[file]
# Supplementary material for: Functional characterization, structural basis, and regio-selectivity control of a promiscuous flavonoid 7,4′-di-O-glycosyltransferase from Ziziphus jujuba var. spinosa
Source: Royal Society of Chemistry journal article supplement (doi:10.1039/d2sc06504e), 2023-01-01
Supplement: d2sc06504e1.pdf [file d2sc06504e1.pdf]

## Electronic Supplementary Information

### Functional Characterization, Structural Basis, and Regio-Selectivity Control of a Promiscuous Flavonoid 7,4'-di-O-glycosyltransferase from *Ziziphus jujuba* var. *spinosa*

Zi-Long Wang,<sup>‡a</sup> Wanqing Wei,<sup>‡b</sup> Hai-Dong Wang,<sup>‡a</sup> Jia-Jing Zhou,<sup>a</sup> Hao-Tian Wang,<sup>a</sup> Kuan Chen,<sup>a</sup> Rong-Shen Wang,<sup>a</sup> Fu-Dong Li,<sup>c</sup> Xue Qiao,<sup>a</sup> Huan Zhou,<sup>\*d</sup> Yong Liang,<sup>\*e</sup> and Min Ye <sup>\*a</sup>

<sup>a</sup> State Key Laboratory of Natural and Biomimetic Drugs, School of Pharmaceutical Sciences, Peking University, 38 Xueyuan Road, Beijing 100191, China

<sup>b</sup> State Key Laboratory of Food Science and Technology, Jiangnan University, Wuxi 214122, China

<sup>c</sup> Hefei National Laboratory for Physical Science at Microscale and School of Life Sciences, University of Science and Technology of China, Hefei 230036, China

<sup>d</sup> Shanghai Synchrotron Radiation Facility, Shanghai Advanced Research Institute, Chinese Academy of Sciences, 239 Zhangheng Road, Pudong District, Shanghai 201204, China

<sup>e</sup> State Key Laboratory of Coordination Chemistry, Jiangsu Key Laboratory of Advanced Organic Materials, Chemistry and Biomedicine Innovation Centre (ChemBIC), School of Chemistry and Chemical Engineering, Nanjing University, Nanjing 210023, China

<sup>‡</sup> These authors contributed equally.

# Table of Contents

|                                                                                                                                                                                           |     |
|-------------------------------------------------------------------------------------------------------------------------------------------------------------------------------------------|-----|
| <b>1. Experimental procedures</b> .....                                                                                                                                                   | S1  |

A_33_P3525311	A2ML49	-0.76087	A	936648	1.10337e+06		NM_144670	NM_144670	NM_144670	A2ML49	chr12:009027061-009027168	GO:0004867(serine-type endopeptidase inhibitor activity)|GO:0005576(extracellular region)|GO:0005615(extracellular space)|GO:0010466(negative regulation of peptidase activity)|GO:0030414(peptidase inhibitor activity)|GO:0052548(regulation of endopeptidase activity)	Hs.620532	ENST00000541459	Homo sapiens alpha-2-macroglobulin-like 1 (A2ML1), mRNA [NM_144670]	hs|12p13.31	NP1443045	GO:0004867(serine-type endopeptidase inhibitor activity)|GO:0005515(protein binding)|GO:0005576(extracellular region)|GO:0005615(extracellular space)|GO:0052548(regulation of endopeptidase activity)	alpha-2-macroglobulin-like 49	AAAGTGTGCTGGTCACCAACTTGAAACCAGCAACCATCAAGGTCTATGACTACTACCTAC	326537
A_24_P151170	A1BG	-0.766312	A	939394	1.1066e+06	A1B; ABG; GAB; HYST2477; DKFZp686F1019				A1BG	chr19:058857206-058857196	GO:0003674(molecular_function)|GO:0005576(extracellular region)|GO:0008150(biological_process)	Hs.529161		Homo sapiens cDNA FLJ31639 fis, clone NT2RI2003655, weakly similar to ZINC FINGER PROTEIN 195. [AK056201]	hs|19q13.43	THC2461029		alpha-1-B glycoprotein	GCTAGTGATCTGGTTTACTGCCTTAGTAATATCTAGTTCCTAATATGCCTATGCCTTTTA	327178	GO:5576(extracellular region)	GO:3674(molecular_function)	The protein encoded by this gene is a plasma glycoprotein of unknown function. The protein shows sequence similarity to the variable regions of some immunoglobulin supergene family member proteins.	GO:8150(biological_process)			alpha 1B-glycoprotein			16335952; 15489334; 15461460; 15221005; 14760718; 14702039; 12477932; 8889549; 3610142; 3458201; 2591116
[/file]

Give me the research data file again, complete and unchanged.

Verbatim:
# Supplementary material for: Functional characterization, structural basis, and regio-selectivity control of a promiscuous flavonoid 7,4′-di-O-glycosyltransferase from Ziziphus jujuba var. spinosa
Source: Royal Society of Chemistry journal article supplement (doi:10.1039/d2sc06504e), 2023-01-01
Supplement: d2sc06504e1.pdf [file d2sc06504e1.pdf]

## Electronic Supplementary Information

### Functional Characterization, Structural Basis, and Regio-Selectivity Control of a Promiscuous Flavonoid 7,4'-di-O-glycosyltransferase from *Ziziphus jujuba* var. *spinosa*

Zi-Long Wang,<sup>‡a</sup> Wanqing Wei,<sup>‡b</sup> Hai-Dong Wang,<sup>‡a</sup> Jia-Jing Zhou,<sup>a</sup> Hao-Tian Wang,<sup>a</sup> Kuan Chen,<sup>a</sup> Rong-Shen Wang,<sup>a</sup> Fu-Dong Li,<sup>c</sup> Xue Qiao,<sup>a</sup> Huan Zhou,<sup>\*d</sup> Yong Liang,<sup>\*e</sup> and Min Ye <sup>\*a</sup>

<sup>a</sup> State Key Laboratory of Natural and Biomimetic Drugs, School of Pharmaceutical Sciences, Peking University, 38 Xueyuan Road, Beijing 100191, China

<sup>b</sup> State Key Laboratory of Food Science and Technology, Jiangnan University, Wuxi 214122, China

<sup>c</sup> Hefei National Laboratory for Physical Science at Microscale and School of Life Sciences, University of Science and Technology of China, Hefei 230036, China

<sup>d</sup> Shanghai Synchrotron Radiation Facility, Shanghai Advanced Research Institute, Chinese Academy of Sciences, 239 Zhangheng Road, Pudong District, Shanghai 201204, China

<sup>e</sup> State Key Laboratory of Coordination Chemistry, Jiangsu Key Laboratory of Advanced Organic Materials, Chemistry and Biomedicine Innovation Centre (ChemBIC), School of Chemistry and Chemical Engineering, Nanjing University, Nanjing 210023, China

<sup>‡</sup> These authors contributed equally.

# Table of Contents

|                                                                                                                                                                                           |     |
|-------------------------------------------------------------------------------------------------------------------------------------------------------------------------------------------|-----|
| <b>1. Experimental procedures</b> .....                                                                                                                                                   | S1  |

A_33_P3525311	A2ML49	-0.76087	A	936648	1.10337e+06		NM_144670	NM_144670	NM_144670	A2ML49	chr12:009027061-009027168	GO:0004867(serine-type endopeptidase inhibitor activity)|GO:0005576(extracellular region)|GO:0005615(extracellular space)|GO:0010466(negative regulation of peptidase activity)|GO:0030414(peptidase inhibitor activity)|GO:0052548(regulation of endopeptidase activity)	Hs.620532	ENST00000541459	Homo sapiens alpha-2-macroglobulin-like 1 (A2ML1), mRNA [NM_144670]	hs|12p13.31	NP1443045	GO:0004867(serine-type endopeptidase inhibitor activity)|GO:0005515(protein binding)|GO:0005576(extracellular region)|GO:0005615(extracellular space)|GO:0052548(regulation of endopeptidase activity)	alpha-2-macroglobulin-like 49	AAAGTGTGCTGGTCACCAACTTGAAACCAGCAACCATCAAGGTCTATGACTACTACCTAC	326537
A_24_P151170	A1BG	-0.766312	A	939394	1.1066e+06	A1B; ABG; GAB; HYST2477; DKFZp686F1019				A1BG	chr19:058857206-058857196	GO:0003674(molecular_function)|GO:0005576(extracellular region)|GO:0008150(biological_process)	Hs.529161		Homo sapiens cDNA FLJ31639 fis, clone NT2RI2003655, weakly similar to ZINC FINGER PROTEIN 195. [AK056201]	hs|19q13.43	THC2461029		alpha-1-B glycoprotein	GCTAGTGATCTGGTTTACTGCCTTAGTAATATCTAGTTCCTAATATGCCTATGCCTTTTA	327178	GO:5576(extracellular region)	GO:3674(molecular_function)	The protein encoded by this gene is a plasma glycoprotein of unknown function. The protein shows sequence similarity to the variable regions of some immunoglobulin supergene family member proteins.	GO:8150(biological_process)			alpha 1B-glycoprotein			16335952; 15489334; 15461460; 15221005; 14760718; 14702039; 12477932; 8889549; 3610142; 3458201; 2591116